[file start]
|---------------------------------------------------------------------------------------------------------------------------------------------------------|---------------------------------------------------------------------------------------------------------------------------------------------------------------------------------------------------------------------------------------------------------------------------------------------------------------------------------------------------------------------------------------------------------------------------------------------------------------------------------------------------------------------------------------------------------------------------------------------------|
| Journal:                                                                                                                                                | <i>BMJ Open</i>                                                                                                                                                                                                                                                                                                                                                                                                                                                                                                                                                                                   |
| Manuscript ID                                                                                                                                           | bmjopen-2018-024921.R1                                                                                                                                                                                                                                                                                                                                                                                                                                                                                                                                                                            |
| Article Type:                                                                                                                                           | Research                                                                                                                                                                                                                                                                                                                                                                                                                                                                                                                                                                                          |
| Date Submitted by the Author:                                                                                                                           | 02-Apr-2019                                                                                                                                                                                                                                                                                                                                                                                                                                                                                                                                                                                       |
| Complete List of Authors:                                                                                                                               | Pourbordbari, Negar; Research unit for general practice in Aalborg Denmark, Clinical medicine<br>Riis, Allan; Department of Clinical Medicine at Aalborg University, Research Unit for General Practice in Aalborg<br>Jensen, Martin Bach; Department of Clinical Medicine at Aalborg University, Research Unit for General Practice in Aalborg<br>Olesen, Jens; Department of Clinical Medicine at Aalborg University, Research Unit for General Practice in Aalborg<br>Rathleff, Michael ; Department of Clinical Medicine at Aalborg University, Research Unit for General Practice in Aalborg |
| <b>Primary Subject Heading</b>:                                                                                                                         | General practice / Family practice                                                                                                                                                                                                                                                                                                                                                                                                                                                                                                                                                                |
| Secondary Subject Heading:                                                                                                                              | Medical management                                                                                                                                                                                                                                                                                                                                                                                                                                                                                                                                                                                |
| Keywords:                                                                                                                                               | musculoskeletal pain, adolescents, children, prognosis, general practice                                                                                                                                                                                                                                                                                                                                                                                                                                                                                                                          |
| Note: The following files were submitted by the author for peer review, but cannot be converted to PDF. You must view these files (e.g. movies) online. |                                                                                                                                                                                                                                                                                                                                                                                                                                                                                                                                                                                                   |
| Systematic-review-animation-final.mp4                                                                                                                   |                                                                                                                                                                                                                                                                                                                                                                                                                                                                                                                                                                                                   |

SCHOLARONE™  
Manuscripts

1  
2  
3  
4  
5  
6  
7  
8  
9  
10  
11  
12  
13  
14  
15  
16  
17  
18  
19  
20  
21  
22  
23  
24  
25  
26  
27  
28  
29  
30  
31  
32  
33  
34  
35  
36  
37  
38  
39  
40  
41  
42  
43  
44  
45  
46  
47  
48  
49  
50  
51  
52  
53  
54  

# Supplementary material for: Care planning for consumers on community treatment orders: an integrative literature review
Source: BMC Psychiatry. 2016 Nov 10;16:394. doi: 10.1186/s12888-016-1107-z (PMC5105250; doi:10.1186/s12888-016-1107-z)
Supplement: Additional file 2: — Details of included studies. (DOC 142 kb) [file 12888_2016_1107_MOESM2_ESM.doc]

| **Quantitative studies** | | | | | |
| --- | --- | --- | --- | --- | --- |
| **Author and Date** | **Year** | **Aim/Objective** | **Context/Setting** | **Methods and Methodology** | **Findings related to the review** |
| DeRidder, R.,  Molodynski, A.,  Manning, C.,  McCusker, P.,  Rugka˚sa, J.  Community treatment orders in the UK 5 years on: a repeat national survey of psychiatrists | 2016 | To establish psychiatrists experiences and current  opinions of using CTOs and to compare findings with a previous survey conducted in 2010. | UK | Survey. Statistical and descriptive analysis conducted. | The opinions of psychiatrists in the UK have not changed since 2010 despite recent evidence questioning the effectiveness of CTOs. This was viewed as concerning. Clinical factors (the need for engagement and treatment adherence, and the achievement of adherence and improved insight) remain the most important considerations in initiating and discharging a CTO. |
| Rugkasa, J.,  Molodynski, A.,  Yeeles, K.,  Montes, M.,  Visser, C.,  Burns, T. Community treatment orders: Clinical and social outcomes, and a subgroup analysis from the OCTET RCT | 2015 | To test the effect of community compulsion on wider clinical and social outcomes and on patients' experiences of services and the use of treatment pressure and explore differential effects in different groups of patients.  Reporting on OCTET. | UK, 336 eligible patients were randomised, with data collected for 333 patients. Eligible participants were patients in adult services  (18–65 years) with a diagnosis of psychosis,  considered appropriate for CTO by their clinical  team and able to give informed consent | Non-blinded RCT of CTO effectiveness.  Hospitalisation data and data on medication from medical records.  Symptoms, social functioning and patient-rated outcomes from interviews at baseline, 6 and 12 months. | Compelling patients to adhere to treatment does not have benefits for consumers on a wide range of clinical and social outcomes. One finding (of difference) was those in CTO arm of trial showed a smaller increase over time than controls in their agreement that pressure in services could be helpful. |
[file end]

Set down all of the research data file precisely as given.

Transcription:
|---------------------------------------------------------------------------------------------------------------------------------------------------------|---------------------------------------------------------------------------------------------------------------------------------------------------------------------------------------------------------------------------------------------------------------------------------------------------------------------------------------------------------------------------------------------------------------------------------------------------------------------------------------------------------------------------------------------------------------------------------------------------|
| Journal:                                                                                                                                                | <i>BMJ Open</i>                                                                                                                                                                                                                                                                                                                                                                                                                                                                                                                                                                                   |
| Manuscript ID                                                                                                                                           | bmjopen-2018-024921.R1                                                                                                                                                                                                                                                                                                                                                                                                                                                                                                                                                                            |
| Article Type:                                                                                                                                           | Research                                                                                                                                                                                                                                                                                                                                                                                                                                                                                                                                                                                          |
| Date Submitted by the Author:                                                                                                                           | 02-Apr-2019                                                                                                                                                                                                                                                                                                                                                                                                                                                                                                                                                                                       |
| Complete List of Authors:                                                                                                                               | Pourbordbari, Negar; Research unit for general practice in Aalborg Denmark, Clinical medicine<br>Riis, Allan; Department of Clinical Medicine at Aalborg University, Research Unit for General Practice in Aalborg<br>Jensen, Martin Bach; Department of Clinical Medicine at Aalborg University, Research Unit for General Practice in Aalborg<br>Olesen, Jens; Department of Clinical Medicine at Aalborg University, Research Unit for General Practice in Aalborg<br>Rathleff, Michael ; Department of Clinical Medicine at Aalborg University, Research Unit for General Practice in Aalborg |
| <b>Primary Subject Heading</b>:                                                                                                                         | General practice / Family practice                                                                                                                                                                                                                                                                                                                                                                                                                                                                                                                                                                |
| Secondary Subject Heading:                                                                                                                              | Medical management                                                                                                                                                                                                                                                                                                                                                                                                                                                                                                                                                                                |
| Keywords:                                                                                                                                               | musculoskeletal pain, adolescents, children, prognosis, general practice                                                                                                                                                                                                                                                                                                                                                                                                                                                                                                                          |
| Note: The following files were submitted by the author for peer review, but cannot be converted to PDF. You must view these files (e.g. movies) online. |                                                                                                                                                                                                                                                                                                                                                                                                                                                                                                                                                                                                   |
| Systematic-review-animation-final.mp4                                                                                                                   |                                                                                                                                                                                                                                                                                                                                                                                                                                                                                                                                                                                                   |

SCHOLARONE™  
Manuscripts

1  
2  
3  
4  
5  
6  
7  
8  
9  
10  
11  
12  
13  
14  
15  
16  
17  
18  
19  
20  
21  
22  
23  
24  
25  
26  
27  
28  
29  
30  
31  
32  
33  
34  
35  
36  
37  
38  
39  
40  
41  
42  
43  
44  
45  
46  
47  
48  
49  
50  
51  
52  
53  
54  

# Supplementary material for: Care planning for consumers on community treatment orders: an integrative literature review
Source: BMC Psychiatry. 2016 Nov 10;16:394. doi: 10.1186/s12888-016-1107-z (PMC5105250; doi:10.1186/s12888-016-1107-z)
Supplement: Additional file 2: — Details of included studies. (DOC 142 kb) [file 12888_2016_1107_MOESM2_ESM.doc]

| **Quantitative studies** | | | | | |
| --- | --- | --- | --- | --- | --- |
| **Author and Date** | **Year** | **Aim/Objective** | **Context/Setting** | **Methods and Methodology** | **Findings related to the review** |
| DeRidder, R.,  Molodynski, A.,  Manning, C.,  McCusker, P.,  Rugka˚sa, J.  Community treatment orders in the UK 5 years on: a repeat national survey of psychiatrists | 2016 | To establish psychiatrists experiences and current  opinions of using CTOs and to compare findings with a previous survey conducted in 2010. | UK | Survey. Statistical and descriptive analysis conducted. | The opinions of psychiatrists in the UK have not changed since 2010 despite recent evidence questioning the effectiveness of CTOs. This was viewed as concerning. Clinical factors (the need for engagement and treatment adherence, and the achievement of adherence and improved insight) remain the most important considerations in initiating and discharging a CTO. |
| Rugkasa, J.,  Molodynski, A.,  Yeeles, K.,  Montes, M.,  Visser, C.,  Burns, T. Community treatment orders: Clinical and social outcomes, and a subgroup analysis from the OCTET RCT | 2015 | To test the effect of community compulsion on wider clinical and social outcomes and on patients' experiences of services and the use of treatment pressure and explore differential effects in different groups of patients.  Reporting on OCTET. | UK, 336 eligible patients were randomised, with data collected for 333 patients. Eligible participants were patients in adult services  (18–65 years) with a diagnosis of psychosis,  considered appropriate for CTO by their clinical  team and able to give informed consent | Non-blinded RCT of CTO effectiveness.  Hospitalisation data and data on medication from medical records.  Symptoms, social functioning and patient-rated outcomes from interviews at baseline, 6 and 12 months. | Compelling patients to adhere to treatment does not have benefits for consumers on a wide range of clinical and social outcomes. One finding (of difference) was those in CTO arm of trial showed a smaller increase over time than controls in their agreement that pressure in services could be helpful. |